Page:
Supercomputer using gaming tech simulates heart arrhythmia

Scientists from Sydney's Victor Chang Cardiac Research Institute have used the CSIRO's GPU-CPU Bragg supercomputer to simulate hundreds of thousands of heartbeats to help understand the variability in QT intervals found in patients with a type of inherited heart arrhythmia.

The Bragg supercomputer combines both central processing units (CPUs) and the graphics processing units (GPUs) more commonly used for powering video games. It also runs dual Linux and Windows operating systems to analyse data from different experiments.

Scientists from Victor Chang's computational cardiology laboratory led by Adam Hill have used the supercomputer to build a virtual heart and screen hundreds of thousands of heartbeats for abnormalities found in long QT syndrome type 2 (LQTS2).

LQTS2 is characterised by prolongation of the QT interval and the appearance of ‘bifid’ or notched T waves in electrocardiograms. However, finding a link between variable ECG characteristics and gene expression to understand the severity of the disease has been impossible due to the enormous computational burden required.

In a paper published in Nature, Dr Hill and his colleagues have described how using the supercomputer to run simulations can assist in doing quantitative analysis, with the hope of more accurately diagnosing disease and its severity.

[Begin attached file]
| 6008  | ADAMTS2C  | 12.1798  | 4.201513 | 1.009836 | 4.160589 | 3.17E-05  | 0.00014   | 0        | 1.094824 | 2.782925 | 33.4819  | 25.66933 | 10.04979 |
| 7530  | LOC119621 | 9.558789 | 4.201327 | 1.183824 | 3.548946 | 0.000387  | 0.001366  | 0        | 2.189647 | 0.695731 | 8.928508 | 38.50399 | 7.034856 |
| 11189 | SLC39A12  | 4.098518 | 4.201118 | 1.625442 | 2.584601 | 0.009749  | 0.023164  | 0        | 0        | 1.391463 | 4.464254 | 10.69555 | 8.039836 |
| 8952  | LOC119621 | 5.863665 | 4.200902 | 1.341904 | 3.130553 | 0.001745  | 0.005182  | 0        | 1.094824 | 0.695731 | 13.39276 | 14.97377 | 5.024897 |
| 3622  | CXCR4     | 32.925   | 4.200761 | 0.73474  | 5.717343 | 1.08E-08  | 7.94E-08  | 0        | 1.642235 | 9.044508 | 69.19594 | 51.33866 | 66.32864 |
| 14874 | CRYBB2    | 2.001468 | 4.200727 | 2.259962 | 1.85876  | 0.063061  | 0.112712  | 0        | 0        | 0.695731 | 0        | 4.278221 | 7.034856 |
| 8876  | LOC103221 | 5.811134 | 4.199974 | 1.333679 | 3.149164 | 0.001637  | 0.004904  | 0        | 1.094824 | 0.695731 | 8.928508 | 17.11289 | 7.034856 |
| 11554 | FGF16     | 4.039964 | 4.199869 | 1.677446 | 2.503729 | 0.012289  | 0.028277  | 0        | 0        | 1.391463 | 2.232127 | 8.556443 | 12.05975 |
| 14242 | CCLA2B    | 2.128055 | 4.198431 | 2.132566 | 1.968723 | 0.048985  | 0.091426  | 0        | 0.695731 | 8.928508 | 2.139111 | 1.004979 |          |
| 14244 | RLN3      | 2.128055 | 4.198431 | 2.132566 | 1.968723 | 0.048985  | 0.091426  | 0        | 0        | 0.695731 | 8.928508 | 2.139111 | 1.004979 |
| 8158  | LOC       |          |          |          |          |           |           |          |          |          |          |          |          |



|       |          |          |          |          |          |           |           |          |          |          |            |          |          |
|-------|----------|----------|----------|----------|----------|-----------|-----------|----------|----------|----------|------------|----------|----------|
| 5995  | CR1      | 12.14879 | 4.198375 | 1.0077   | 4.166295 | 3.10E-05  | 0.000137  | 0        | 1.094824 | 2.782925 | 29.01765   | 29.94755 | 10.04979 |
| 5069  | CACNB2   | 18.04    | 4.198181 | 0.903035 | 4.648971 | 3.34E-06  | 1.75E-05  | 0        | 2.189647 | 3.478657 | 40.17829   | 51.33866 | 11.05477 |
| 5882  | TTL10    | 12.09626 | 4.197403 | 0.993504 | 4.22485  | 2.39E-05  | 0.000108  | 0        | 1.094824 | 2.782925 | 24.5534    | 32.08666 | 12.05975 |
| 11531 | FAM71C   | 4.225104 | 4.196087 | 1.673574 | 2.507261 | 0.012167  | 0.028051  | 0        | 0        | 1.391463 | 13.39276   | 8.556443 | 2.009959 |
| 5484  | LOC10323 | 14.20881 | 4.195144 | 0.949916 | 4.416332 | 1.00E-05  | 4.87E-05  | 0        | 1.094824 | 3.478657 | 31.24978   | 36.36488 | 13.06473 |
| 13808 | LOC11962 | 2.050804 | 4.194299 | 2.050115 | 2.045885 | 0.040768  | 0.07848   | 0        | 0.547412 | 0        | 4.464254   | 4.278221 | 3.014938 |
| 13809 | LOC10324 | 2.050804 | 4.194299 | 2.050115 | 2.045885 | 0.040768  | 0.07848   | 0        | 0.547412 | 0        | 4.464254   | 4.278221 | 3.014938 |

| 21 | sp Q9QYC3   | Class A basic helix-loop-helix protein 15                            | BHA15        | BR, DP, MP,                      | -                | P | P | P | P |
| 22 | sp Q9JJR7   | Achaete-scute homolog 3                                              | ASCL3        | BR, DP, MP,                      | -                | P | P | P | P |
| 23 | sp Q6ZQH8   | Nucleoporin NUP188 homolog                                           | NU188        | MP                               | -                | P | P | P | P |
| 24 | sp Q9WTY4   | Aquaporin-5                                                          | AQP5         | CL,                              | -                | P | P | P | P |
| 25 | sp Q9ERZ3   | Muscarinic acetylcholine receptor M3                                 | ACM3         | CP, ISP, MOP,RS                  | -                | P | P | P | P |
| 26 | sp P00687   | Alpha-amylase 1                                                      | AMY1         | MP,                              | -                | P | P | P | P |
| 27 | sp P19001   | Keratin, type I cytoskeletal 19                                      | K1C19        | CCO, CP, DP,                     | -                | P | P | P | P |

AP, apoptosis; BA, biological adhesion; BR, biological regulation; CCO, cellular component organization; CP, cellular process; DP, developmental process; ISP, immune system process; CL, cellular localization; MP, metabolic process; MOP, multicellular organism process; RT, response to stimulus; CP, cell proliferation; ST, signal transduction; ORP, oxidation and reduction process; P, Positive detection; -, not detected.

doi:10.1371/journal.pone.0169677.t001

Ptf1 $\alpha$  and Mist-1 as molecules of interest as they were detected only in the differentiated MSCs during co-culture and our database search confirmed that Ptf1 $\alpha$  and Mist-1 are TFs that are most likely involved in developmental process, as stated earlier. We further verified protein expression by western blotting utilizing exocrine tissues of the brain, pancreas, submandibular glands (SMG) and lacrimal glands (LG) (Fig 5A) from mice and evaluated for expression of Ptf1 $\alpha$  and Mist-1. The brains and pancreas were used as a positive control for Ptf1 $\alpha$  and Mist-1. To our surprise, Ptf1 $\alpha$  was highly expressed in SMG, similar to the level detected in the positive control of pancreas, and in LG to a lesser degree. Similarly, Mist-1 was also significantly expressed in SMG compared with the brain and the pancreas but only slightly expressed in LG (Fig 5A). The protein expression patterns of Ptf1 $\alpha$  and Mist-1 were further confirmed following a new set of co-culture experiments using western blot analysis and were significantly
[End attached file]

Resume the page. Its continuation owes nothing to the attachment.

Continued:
“We were able to identify why some patients have abnormal ECG signals, and how a person’s genetic background can affect the severity of their disease,” Dr Hill said.

“We hope this will help doctors read ECGs more accurately, which will mean faster, more accurate diagnosis. By understanding why the same disease affects people differently, the right treatment can be given to the right patients.”

The simulation took 10 days, as opposed to the years it would take using standard computers.

“In the past we were limited because we didn’t have enough computational grunt to do an effective job,” Dr Hill said.

The team is hoping to use its discoveries to develop automatic computerised tools for diagnosing heart rhythm disorders.

Posted in Australian eHealth

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